People shout slogans as they take part in an opposition rally on the eve of presidential election in Minsk, Belarus, October 10, 2015.
Vasily Fedosenko / Reuters

In 2010, Europe’s so-called last dictator, Alexander Lukashenko, was fraudulently reelected president of Belarus with almost 80 percent of the vote. Thousands protested in the capital city of Minsk, more than 600 were imprisoned, and the EU and the United States imposed harsh sanctions on Belarus. In the October 2015 elections, however, Lukashenko claimed an even bigger majority of the vote—83.5 percent—and only 100 protesters turned out for a brief demonstration. The EU promptly announced that it would suspend most sanctions for four months.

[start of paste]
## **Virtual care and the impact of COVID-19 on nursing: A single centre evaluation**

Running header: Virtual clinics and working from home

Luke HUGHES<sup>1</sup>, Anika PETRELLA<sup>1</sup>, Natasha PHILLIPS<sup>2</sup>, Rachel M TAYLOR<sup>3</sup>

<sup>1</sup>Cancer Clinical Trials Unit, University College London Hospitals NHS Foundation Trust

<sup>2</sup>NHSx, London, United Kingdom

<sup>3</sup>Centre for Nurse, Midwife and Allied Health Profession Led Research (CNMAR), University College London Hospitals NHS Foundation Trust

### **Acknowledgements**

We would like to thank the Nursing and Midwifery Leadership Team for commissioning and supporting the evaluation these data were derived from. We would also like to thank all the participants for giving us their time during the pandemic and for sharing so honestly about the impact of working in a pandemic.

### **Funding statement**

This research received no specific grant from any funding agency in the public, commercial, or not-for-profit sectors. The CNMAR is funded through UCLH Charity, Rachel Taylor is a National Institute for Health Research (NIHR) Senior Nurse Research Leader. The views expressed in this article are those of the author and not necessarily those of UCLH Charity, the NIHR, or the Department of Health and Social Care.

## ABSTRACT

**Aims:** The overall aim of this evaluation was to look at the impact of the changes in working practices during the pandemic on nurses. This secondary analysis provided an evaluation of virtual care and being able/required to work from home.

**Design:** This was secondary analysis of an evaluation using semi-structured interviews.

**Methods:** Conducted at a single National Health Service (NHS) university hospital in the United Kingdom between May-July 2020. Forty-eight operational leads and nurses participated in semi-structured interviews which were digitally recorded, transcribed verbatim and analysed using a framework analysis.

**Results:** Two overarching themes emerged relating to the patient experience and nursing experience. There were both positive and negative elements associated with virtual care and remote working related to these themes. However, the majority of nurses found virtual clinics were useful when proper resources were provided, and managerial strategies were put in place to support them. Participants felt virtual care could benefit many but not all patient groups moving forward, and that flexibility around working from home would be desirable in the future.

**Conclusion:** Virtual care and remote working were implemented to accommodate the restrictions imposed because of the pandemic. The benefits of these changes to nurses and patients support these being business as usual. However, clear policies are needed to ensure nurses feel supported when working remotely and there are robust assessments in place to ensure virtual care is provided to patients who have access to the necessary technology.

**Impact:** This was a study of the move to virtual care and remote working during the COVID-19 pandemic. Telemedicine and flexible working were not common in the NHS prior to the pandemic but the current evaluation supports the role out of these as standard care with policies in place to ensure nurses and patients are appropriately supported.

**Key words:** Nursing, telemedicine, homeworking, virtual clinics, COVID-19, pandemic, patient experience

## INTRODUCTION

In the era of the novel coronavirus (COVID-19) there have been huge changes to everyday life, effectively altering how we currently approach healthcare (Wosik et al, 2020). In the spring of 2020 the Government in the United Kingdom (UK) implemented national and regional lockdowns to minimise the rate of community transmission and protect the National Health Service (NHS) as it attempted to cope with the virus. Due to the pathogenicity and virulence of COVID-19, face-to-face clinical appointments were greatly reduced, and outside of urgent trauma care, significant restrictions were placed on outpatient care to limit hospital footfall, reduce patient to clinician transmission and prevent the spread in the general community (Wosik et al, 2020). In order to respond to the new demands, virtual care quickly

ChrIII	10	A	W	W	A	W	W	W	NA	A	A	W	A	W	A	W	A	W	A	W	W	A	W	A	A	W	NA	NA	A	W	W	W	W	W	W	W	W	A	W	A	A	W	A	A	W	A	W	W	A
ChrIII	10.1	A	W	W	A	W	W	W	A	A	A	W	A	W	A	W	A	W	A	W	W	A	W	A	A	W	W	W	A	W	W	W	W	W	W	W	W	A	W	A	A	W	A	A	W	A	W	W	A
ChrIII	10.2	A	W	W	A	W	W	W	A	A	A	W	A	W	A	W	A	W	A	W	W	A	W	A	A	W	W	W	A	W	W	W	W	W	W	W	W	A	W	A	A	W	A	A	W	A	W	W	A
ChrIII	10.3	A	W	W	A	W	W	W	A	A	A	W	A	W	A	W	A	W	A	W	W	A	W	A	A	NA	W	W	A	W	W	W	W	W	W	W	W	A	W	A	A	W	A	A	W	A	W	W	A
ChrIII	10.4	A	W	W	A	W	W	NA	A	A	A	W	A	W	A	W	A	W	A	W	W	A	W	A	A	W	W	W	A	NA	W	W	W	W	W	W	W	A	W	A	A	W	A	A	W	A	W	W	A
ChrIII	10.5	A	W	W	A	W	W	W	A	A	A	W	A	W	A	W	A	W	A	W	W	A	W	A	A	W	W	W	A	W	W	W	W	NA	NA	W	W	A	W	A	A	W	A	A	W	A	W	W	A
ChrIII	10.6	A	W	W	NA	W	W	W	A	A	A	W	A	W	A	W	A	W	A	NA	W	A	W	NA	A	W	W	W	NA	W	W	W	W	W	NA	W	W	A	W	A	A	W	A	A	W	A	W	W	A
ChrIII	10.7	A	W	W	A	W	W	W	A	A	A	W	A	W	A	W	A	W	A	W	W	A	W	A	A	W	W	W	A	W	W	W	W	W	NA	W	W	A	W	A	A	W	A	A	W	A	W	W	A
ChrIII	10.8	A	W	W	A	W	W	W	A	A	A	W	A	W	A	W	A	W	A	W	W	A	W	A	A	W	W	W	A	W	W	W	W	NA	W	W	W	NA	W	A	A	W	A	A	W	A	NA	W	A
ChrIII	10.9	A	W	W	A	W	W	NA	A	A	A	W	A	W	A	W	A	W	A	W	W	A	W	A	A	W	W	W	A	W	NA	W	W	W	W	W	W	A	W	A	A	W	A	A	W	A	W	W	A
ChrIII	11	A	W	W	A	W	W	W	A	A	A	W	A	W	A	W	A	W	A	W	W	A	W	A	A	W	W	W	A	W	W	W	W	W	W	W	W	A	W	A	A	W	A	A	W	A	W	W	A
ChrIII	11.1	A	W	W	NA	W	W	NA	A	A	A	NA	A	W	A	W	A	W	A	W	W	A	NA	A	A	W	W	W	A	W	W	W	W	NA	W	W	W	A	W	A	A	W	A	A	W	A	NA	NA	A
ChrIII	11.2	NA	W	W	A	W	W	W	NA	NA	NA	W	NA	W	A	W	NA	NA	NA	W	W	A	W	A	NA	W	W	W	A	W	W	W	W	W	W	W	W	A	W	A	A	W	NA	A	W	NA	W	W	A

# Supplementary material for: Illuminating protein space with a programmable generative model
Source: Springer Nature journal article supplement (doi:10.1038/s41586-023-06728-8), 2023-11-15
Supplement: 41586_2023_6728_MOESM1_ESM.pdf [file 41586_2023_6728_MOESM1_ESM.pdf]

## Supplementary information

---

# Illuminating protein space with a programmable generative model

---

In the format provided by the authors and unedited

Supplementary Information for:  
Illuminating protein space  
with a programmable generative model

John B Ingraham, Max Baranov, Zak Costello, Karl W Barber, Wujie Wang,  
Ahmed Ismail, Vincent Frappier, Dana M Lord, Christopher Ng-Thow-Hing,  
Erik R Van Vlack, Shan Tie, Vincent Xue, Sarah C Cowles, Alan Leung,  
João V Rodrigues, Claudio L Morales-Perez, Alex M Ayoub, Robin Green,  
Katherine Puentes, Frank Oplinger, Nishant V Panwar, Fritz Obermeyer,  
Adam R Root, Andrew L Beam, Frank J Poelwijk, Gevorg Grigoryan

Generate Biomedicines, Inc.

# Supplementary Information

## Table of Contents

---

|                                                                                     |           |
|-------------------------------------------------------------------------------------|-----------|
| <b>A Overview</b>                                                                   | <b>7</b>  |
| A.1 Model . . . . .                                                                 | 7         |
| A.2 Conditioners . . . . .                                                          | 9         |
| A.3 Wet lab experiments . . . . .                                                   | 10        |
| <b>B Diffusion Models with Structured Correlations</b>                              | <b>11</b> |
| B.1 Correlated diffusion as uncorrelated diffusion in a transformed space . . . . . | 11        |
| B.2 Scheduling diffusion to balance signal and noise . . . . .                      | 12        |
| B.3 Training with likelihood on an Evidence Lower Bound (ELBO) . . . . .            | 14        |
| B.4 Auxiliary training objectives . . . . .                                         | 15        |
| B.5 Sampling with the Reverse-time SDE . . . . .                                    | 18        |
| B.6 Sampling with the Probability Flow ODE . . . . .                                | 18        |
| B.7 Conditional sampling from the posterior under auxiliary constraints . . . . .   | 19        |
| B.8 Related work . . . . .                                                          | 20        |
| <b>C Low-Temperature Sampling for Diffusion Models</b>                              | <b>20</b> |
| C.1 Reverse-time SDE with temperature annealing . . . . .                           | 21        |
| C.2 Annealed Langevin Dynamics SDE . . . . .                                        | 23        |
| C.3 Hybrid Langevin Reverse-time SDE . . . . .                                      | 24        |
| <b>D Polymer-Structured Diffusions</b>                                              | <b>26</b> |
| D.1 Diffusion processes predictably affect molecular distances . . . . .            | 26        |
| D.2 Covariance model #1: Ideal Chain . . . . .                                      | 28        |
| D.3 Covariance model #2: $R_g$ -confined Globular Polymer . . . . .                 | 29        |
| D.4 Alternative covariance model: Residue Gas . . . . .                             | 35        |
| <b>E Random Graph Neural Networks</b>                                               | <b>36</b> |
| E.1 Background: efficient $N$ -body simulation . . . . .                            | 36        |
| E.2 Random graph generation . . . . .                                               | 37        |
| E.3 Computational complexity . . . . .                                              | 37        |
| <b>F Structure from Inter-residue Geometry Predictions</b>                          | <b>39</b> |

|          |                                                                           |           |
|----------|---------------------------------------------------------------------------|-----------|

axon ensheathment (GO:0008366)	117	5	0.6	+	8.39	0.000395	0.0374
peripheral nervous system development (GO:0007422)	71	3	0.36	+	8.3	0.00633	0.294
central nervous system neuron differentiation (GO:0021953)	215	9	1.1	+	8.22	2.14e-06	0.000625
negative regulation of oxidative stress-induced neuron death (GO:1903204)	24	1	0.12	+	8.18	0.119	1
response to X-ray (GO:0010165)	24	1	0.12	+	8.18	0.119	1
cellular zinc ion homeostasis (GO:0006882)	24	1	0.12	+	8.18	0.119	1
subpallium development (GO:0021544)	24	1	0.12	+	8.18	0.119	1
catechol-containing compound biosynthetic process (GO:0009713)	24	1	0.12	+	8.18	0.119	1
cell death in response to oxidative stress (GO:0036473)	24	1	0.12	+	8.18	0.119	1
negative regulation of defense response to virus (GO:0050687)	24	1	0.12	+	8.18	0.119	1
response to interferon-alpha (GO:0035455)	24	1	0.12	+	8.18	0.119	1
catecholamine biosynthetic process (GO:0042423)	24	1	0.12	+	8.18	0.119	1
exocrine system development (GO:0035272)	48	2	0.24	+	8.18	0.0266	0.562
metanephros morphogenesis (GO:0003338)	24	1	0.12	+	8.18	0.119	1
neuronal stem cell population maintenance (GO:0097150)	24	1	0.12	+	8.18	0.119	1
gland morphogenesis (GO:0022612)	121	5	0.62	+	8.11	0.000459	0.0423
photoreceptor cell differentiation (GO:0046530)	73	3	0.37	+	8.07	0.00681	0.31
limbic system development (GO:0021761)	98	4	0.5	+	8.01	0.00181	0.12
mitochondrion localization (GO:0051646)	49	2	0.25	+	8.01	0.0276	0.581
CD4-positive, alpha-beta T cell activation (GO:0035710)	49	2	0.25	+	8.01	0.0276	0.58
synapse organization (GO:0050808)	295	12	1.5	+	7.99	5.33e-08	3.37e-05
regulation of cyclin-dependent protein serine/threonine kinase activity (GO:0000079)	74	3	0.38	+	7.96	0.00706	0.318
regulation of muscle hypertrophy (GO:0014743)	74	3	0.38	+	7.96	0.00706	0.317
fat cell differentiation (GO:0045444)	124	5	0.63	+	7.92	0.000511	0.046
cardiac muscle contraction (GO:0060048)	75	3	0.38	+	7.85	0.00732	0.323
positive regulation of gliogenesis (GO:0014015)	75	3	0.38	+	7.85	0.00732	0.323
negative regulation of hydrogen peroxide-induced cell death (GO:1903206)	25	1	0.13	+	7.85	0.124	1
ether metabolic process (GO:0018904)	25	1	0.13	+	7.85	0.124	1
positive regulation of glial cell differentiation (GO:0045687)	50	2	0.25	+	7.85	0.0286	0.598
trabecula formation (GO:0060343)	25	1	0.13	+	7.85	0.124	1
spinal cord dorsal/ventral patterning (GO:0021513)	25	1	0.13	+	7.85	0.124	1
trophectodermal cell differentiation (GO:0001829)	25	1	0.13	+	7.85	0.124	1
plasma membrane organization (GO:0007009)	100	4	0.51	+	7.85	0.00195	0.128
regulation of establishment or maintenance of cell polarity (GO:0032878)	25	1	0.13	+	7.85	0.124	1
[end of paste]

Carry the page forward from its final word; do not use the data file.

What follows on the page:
So what changed? In a word: Ukraine. Russia has alienated its neighbors since the crisis in Ukraine began in 2013. Russia’s aggression has alarmed Lukashenko, one of Russian President Vladimir Putin’s closest allies. Lukashenko doesn’t want to become a second Viktor Yanukovych, the former president of Ukraine who now lives in forced retirement in Moscow, and he doesn’t want to see Russian “little green men” deployed

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  • ANDREW WILSON is a Professor at University College London and the author of Belarus: The Last European Dictatorship (Yale University Press, 2012).
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